CFIB - Today, the Canadian Federation of Independent Business (CFIB) released its latest monthly Business Barometer, which reveals optimism among Manitoba’s small business owners declined in January to an index of 56.3, down from 59.4 in December. It is now almost on par with the national average index of 56.1.
“Manitoba's small business confidence lost some footing in January, with the index falling by three points,” said Jonathan Alward, CFIB’s Director of Provincial Affairs for Manitoba. “Short-term hiring plans continue to be weak with almost equal shares of entrepreneurs looking to hire (15%) as to layoff (16%). These numbers indicate that the Manitoba economy continues to operate below its potential.”
“Sixty five per cent of the province’s job creators cite tax and regulatory costs as their greatest challenge and are feeling the impact of several recent tax increases including the federal government’s tax changes and CPP premiums,” added Alward. “Business owners will be looking for some much needed tax relief in the 2019 provincial budget on March 7th.”
Nationally, small business confidence rose 2.5 points to 56.1 this month, but remained below fall 2018 levels.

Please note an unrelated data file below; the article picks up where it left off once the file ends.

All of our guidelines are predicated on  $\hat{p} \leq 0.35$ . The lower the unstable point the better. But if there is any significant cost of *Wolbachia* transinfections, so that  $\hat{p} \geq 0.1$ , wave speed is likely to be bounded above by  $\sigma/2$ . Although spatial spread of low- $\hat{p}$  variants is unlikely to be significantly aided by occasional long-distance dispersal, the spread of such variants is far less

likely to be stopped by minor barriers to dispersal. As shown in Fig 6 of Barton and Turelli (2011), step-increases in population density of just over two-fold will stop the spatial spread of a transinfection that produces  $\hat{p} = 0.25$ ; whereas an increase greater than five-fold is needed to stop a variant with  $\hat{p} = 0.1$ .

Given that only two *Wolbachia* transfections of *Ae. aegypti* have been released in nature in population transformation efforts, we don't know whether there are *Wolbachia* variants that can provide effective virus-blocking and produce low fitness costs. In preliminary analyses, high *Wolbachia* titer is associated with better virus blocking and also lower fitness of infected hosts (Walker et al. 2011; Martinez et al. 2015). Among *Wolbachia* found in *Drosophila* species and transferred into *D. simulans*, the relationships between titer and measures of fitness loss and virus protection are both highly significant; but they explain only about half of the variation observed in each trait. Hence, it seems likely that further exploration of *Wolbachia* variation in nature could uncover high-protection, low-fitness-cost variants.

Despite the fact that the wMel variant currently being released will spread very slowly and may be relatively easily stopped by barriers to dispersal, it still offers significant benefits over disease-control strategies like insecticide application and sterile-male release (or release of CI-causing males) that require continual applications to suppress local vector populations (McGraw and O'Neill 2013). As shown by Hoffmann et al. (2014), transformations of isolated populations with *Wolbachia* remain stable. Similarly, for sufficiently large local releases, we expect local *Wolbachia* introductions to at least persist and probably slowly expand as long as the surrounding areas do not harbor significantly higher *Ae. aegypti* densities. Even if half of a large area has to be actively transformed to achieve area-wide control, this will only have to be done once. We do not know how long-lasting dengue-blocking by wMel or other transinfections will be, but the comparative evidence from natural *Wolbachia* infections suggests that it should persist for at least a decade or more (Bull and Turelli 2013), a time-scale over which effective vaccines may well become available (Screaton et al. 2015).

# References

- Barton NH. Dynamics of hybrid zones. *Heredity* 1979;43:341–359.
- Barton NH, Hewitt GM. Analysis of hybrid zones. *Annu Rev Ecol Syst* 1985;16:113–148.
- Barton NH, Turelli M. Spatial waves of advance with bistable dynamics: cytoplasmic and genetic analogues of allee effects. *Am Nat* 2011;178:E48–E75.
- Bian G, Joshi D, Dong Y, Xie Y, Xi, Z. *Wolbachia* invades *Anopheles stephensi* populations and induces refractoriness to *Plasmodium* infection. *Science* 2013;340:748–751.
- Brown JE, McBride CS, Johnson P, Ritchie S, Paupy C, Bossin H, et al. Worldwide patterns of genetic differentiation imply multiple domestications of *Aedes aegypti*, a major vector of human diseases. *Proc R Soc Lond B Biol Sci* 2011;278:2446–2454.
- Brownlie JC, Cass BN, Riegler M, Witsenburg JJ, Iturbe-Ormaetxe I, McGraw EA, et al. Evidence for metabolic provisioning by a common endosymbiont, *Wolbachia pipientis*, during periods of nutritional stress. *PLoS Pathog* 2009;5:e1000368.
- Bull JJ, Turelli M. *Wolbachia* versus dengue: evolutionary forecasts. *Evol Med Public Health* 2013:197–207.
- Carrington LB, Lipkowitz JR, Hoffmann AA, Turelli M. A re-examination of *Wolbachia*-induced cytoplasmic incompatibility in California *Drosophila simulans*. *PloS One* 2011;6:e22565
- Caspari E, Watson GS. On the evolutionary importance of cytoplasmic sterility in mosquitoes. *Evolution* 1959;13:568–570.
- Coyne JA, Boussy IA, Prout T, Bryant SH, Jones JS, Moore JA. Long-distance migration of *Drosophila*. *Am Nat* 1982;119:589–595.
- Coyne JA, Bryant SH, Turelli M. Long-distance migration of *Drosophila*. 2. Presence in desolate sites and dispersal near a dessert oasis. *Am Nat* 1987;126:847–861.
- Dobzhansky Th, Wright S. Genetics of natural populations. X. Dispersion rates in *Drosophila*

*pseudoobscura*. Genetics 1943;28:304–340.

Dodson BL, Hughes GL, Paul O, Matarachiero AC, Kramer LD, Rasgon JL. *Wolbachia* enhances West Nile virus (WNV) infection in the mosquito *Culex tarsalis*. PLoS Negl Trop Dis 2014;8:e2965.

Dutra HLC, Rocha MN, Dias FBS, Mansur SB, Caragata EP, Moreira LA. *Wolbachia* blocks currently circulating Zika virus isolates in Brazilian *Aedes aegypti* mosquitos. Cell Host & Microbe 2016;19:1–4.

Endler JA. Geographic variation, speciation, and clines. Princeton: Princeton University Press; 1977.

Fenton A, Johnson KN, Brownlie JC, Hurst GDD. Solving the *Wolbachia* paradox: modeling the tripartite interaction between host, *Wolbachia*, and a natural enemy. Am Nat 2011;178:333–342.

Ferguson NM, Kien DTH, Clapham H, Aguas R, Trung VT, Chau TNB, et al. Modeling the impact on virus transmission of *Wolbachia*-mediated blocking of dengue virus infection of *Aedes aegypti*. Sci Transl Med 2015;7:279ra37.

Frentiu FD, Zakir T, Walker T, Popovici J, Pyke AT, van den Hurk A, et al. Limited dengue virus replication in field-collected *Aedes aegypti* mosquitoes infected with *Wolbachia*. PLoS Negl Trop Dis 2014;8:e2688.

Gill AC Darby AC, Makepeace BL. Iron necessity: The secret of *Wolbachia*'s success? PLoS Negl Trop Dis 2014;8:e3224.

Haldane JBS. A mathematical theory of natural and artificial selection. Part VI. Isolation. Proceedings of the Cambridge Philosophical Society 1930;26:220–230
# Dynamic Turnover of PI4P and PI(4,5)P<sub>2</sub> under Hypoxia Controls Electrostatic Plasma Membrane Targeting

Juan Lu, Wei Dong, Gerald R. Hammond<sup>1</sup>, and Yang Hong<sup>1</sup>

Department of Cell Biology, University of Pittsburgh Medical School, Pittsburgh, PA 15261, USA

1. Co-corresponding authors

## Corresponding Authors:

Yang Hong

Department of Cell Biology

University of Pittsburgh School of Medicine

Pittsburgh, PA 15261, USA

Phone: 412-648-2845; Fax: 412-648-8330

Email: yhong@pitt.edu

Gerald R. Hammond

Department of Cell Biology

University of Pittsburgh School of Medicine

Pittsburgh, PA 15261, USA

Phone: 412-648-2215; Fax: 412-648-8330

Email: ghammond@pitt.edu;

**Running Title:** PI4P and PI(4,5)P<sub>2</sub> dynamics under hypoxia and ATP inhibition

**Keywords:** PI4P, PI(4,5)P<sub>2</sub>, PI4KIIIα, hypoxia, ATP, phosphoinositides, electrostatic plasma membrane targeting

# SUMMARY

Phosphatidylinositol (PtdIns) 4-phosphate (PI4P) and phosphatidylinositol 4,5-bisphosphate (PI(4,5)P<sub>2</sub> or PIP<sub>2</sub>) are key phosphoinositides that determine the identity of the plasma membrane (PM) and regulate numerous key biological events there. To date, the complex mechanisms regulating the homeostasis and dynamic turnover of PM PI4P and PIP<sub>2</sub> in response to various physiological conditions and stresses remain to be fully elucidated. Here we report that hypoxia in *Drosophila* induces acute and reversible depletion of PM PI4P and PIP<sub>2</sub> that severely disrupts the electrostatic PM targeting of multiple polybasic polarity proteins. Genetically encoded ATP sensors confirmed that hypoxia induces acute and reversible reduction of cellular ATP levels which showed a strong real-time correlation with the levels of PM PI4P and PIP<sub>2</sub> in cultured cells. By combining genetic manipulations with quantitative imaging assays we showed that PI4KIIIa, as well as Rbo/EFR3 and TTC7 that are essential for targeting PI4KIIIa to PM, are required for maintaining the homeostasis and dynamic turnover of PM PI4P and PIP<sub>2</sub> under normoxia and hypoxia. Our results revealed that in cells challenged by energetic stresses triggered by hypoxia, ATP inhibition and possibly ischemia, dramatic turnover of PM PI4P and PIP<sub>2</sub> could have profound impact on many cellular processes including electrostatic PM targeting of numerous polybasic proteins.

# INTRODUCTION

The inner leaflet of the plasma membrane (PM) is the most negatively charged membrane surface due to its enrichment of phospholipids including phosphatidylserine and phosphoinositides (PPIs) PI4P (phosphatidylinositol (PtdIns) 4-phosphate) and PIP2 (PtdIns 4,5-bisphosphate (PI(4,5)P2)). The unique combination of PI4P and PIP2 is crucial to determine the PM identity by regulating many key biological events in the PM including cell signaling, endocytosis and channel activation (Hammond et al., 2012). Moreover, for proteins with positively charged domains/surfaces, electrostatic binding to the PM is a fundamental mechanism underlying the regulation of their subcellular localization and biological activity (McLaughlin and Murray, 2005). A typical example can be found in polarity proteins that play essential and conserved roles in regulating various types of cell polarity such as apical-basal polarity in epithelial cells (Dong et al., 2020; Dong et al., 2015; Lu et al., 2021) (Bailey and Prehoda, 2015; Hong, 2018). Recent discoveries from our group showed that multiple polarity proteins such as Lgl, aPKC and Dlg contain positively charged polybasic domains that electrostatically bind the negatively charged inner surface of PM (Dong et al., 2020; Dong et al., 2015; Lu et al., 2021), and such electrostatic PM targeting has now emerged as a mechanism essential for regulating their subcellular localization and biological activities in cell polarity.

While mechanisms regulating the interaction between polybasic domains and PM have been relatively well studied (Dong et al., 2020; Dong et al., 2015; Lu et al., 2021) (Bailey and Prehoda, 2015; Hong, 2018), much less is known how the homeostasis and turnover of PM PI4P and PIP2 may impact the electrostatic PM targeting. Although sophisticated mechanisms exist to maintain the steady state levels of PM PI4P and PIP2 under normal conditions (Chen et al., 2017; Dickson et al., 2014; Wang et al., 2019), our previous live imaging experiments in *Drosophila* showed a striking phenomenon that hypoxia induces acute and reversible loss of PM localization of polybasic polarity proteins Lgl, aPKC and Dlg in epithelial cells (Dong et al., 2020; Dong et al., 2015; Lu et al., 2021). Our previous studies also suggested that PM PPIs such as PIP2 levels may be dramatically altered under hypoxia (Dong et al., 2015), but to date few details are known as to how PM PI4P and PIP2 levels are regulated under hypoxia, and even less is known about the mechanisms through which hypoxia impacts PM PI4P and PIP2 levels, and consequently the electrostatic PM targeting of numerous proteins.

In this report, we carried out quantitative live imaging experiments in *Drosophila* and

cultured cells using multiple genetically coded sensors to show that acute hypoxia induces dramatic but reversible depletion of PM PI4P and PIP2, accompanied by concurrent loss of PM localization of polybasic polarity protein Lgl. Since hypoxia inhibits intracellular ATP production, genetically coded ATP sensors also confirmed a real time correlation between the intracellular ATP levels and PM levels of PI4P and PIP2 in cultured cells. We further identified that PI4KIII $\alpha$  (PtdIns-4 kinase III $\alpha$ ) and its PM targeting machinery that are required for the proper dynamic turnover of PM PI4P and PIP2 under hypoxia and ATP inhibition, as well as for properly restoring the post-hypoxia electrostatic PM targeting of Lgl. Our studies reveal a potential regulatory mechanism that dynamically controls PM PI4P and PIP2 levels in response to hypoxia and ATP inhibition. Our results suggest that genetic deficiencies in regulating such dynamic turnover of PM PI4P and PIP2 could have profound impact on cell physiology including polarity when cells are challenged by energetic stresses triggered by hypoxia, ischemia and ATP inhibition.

“We’re seeing an uptick in confidence levels, but they are still well below what you would expect to see in a healthy, growing economy,” said Ted Mallett, CFIB’s vice president and chief economist. “The continued slump in business confidence is reflected in lower wage and price expectations. Businesses’ unfilled orders and accounts receivable are also taking a hit, falling to 2016 conditions.”
Provincial results: Major confidence loss in Alberta
Alberta fell to the lowest confidence level in the country at 37.5 after losing 7.6 index points. Newfoundland & Labrador had the second-weakest confidence level at 47.9. Prince Edward Island and Quebec remained the most optimistic provinces at 63.5, with Nova Scotia coming in close at 63.1 after a major increase of 6.1 points. New Brunswick (61.3) and Ontario (60.4) posted confidence levels above the national average, while British Columbia (57.3), Manitoba (56.3) and Saskatchewan (55.2) were more closely aligned with the average.
Highlights of the Manitoba Business Barometer for January:
· 39% of businesses in Manitoba say their overall state of business is good (41% nationally); 14% say it is bad (14% nationally);
· 15% plan to increase employment in the next 3-4 months (18% nationally) and 16% of Manitoba businesses plan to decrease full-time employment (15% nationally);
· Shortage of skilled labour is the main operating challenge (41%), followed by insufficient domestic demand (33%) and management skills, time constraints (28%);
· Major cost pressures for small business include: tax, regulatory costs (65%), wage costs (59%), fuel, energy costs (51%) and insurance costs (42%).
Read the January Business Barometer